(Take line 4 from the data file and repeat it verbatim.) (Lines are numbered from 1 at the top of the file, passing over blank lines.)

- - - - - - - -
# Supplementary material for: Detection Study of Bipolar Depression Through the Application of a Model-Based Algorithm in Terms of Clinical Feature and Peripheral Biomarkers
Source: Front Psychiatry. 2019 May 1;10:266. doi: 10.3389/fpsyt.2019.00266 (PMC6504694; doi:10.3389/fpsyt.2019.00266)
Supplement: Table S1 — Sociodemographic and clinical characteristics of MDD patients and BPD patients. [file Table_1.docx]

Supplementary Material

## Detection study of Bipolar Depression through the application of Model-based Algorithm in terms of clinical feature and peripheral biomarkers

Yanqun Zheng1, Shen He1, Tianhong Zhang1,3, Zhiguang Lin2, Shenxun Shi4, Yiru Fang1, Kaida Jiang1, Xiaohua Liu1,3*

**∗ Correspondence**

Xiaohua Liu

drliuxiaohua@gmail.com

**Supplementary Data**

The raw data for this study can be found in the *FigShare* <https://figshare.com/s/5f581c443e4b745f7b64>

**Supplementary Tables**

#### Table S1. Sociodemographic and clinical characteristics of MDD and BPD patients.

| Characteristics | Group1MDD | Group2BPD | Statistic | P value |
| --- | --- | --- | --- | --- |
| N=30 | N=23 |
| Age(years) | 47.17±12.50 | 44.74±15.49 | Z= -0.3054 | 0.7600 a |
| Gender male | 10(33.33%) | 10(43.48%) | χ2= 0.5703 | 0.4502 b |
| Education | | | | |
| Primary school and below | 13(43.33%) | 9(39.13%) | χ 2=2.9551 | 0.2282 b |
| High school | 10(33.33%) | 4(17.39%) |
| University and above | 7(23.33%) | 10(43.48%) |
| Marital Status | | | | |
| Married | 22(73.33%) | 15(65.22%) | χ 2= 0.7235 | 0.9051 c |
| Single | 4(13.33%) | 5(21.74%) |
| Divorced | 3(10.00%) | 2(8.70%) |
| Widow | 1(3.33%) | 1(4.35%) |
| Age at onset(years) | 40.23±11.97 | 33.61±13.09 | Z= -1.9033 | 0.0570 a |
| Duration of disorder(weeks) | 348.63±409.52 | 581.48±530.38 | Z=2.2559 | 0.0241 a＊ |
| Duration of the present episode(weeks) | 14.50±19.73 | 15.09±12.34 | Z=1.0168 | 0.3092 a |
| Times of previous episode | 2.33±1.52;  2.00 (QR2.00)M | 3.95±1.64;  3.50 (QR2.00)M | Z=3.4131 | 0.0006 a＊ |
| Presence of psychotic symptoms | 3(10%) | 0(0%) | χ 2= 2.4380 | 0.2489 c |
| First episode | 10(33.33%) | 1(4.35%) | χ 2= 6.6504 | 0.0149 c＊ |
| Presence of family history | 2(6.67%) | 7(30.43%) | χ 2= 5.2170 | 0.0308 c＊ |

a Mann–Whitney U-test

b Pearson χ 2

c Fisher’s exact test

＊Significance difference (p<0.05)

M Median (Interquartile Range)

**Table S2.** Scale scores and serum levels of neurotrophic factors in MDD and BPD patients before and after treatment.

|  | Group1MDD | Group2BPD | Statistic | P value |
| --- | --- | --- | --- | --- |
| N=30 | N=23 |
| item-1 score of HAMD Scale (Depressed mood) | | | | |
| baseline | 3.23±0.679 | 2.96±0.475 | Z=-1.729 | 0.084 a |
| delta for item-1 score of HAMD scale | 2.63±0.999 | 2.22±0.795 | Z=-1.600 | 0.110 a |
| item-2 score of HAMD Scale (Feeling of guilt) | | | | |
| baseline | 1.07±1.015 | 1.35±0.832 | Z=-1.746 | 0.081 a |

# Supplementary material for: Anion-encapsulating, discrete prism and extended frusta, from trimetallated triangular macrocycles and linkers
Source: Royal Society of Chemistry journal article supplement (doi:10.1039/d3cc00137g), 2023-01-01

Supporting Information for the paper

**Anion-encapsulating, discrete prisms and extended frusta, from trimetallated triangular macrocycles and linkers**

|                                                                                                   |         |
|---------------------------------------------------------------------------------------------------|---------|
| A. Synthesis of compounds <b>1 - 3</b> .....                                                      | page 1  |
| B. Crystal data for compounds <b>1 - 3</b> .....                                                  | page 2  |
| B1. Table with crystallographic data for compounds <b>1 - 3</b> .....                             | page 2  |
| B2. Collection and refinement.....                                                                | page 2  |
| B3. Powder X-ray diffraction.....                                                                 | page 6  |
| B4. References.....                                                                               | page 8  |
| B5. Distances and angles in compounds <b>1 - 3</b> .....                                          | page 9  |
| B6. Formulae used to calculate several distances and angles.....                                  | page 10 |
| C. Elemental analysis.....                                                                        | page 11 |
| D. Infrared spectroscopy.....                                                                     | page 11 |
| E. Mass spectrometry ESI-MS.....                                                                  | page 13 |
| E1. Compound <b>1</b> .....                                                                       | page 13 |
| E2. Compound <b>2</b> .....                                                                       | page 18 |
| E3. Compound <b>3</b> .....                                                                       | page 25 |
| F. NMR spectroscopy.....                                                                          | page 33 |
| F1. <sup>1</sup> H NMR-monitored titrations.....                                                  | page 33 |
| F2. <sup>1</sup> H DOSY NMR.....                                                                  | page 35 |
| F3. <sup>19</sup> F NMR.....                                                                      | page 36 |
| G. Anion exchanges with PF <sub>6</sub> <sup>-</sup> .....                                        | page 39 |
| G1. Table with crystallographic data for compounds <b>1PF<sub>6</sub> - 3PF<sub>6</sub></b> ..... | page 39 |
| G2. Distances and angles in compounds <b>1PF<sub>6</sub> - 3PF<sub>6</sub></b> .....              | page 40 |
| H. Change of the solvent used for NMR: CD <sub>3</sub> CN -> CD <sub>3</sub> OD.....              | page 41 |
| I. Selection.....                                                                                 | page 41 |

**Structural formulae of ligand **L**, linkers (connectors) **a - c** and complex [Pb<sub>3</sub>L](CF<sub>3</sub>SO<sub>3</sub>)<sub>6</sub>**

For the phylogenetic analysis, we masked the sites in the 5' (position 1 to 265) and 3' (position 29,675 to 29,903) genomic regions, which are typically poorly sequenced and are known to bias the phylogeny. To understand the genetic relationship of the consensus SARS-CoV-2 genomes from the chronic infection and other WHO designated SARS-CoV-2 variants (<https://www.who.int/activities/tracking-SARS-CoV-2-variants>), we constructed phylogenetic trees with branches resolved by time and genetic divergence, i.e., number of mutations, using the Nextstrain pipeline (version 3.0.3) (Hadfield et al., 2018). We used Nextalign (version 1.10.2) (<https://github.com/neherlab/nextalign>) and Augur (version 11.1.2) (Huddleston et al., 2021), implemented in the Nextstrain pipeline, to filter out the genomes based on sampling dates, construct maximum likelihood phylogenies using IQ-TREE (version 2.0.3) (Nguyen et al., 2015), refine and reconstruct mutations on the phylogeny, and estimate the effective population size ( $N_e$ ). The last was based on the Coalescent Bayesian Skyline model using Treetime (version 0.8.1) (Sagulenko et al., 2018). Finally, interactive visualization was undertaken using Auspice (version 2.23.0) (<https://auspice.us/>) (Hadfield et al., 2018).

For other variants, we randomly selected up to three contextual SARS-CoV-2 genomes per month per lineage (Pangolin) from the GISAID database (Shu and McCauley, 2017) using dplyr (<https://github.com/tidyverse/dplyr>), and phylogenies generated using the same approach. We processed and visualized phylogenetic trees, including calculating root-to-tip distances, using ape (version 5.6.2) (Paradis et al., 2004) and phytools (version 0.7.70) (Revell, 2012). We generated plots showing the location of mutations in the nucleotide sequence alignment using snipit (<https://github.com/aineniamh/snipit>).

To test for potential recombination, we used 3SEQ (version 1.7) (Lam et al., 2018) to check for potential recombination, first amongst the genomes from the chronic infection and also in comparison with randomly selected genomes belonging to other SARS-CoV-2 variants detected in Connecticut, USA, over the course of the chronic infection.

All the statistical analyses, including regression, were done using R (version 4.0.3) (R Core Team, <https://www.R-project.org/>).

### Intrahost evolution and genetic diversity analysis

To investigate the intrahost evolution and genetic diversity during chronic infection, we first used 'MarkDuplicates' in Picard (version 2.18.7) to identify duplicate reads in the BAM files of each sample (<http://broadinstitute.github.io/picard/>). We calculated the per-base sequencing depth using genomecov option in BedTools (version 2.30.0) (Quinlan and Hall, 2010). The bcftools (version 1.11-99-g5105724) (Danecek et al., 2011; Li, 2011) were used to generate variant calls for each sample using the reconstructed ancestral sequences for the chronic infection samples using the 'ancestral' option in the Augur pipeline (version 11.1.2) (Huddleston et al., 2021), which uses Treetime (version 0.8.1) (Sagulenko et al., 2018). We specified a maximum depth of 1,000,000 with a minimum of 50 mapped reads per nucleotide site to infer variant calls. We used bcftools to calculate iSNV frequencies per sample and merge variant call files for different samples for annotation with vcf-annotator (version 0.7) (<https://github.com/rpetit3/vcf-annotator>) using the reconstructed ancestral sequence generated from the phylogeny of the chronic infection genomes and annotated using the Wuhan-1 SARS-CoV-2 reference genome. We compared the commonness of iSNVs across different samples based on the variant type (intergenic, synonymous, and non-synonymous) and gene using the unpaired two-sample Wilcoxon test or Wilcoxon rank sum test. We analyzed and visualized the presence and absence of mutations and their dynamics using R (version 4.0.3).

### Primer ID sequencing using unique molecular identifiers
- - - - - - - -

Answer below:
Supplementary Material